The New York Times is reporting on its website today that federal authorities have decided to indict Roger Clemens on charges of perjury on the basis of statements he made to Congress about his use of performance-enhancing drugs.
The Times is reporting that a formal indictment is expected in the near future according to two people who were briefed on the matter.
Clemens and his former trainer, Brian McNamee, testified under oath at a hearing before a House committee in February 2008 and contradicted each other about whether Clemens had used the banned substances.
McNamee has told federal agents, baseball investigator George Mitchell and testified before the committee that he injected Clemens more than a dozen times with steroids and human growth hormone from 1998-01.
Clemens testified that McNamee was lying.
Specifically, the transcript of Clemens testimony in part before Congress provides:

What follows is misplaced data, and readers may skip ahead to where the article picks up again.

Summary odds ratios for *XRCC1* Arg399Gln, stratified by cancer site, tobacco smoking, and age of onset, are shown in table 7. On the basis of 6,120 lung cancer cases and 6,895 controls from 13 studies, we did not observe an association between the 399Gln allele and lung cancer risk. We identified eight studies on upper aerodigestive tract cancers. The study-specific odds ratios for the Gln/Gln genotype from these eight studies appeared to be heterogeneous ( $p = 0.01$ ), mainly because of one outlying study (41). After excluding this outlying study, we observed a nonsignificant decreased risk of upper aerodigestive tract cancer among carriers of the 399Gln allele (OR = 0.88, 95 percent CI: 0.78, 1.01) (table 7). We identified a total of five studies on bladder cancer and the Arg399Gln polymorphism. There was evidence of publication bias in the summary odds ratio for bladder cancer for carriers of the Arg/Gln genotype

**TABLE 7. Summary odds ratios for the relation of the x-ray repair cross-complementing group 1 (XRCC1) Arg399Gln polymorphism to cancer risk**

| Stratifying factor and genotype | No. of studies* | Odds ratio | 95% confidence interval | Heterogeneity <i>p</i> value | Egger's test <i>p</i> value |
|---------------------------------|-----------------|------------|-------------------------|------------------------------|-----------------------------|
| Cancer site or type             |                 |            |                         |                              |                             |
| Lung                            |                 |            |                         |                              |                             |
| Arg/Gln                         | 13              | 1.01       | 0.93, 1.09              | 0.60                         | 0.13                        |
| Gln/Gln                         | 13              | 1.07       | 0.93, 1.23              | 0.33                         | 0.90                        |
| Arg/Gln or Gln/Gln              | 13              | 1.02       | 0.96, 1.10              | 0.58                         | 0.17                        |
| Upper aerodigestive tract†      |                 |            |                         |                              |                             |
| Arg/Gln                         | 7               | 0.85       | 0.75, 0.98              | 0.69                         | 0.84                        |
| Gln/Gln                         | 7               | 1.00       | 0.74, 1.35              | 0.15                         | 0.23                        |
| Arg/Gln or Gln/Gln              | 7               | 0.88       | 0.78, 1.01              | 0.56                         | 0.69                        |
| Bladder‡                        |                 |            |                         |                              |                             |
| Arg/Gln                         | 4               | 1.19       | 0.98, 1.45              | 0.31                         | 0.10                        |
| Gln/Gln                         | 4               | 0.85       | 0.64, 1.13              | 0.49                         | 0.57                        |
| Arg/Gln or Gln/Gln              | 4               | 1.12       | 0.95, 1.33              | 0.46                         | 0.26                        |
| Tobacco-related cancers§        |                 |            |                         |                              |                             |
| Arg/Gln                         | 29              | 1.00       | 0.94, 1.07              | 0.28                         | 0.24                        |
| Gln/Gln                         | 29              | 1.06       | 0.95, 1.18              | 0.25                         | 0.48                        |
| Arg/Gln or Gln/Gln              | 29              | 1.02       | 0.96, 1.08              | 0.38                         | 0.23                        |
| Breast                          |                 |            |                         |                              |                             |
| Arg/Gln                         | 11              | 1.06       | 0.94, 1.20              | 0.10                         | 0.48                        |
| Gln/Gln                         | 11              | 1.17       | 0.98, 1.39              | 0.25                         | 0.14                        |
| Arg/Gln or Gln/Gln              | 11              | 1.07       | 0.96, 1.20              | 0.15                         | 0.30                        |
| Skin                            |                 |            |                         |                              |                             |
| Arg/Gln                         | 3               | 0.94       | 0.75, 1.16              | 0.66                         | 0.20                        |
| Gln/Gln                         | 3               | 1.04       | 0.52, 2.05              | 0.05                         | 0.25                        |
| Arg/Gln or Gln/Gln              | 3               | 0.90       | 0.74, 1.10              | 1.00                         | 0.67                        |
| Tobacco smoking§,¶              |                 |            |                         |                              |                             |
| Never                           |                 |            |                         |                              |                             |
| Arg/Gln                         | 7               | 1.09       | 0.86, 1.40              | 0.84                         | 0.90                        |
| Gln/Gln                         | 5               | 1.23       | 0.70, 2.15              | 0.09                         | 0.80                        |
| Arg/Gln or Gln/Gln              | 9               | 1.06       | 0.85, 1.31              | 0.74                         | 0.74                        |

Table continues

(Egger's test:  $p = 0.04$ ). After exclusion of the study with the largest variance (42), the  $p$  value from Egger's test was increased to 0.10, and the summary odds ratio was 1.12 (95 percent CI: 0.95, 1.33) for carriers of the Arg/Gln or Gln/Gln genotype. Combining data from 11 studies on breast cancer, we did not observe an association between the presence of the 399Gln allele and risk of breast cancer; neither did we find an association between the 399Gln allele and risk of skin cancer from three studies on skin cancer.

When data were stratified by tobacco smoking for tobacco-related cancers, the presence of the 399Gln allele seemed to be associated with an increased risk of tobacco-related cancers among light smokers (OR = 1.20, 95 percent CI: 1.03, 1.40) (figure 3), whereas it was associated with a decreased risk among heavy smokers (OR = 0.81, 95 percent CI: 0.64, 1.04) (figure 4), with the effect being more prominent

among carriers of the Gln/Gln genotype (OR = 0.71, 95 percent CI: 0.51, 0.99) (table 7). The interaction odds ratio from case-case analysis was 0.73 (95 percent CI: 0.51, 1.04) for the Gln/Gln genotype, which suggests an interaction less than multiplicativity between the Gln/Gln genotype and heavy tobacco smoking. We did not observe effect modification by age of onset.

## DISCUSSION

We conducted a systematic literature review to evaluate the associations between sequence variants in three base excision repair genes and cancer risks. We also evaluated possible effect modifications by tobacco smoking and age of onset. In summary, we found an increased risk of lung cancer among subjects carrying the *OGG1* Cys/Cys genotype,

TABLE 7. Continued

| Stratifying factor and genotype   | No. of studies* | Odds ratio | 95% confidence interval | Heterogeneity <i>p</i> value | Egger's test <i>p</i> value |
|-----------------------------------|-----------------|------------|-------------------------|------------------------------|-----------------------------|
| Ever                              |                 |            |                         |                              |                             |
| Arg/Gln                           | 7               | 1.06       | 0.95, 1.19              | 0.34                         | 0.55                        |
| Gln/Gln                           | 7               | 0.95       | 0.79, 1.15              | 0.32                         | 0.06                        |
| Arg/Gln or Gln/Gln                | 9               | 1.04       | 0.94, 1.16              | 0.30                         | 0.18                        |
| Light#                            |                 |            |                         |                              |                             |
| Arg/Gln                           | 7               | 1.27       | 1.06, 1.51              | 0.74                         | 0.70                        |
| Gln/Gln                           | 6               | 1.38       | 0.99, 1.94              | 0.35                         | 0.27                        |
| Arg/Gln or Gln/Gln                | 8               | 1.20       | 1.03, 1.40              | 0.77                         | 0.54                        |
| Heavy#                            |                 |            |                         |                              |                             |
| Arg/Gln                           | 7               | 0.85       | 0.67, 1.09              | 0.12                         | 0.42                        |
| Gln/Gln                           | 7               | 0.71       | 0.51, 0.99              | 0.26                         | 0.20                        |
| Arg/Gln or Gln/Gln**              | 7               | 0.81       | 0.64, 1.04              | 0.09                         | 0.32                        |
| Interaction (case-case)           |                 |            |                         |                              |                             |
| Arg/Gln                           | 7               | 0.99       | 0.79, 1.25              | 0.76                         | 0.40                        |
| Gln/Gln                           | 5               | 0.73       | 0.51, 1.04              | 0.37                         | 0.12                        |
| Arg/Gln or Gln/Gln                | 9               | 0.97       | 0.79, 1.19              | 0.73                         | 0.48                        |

I appreciate the opportunity to tell this Committee and the public—under oath—
what I have been saying all along: I have never used steroids, human growth hormone, or any other type of illegal performance enhancing drugs. I think these types of drugs should play no role in athletics at any level, and I fully support Senator Mitchell’s conclusions that steroids have no place in baseball. However, I take great issue with the report’s allegation that I used these substances.
Should the Federal Government Indict Clemens?
I have tried to model my baseball career, and indeed my entire life, on the
premise that “your body is your temple.” The suggestion that I would use steroids or other illegal drugs is totally incompatible with who I am and what I stand for. I have worked hard to succeed at every level. I have given speeches to young people all over the country about the dangers of taking shortcuts to reach your goals. Steroids are a dangerous shortcut. I have made no secret about my feelings on this subject, and I practice what I preach.
Rusty Hardin, Clemens' lead attorney said he was unaware of a pending indictment.
"We've heard nothing," Hardin said by telephone from Houston, "so I can't knowledgeably respond at all."
Earl Ward, one of McNamee's lawyers, said he, too, "had no indication something was coming."
Clemens could be sentenced to prison for up to 5 years if he is ultimately indicted and convicted of committing perjury before Congress.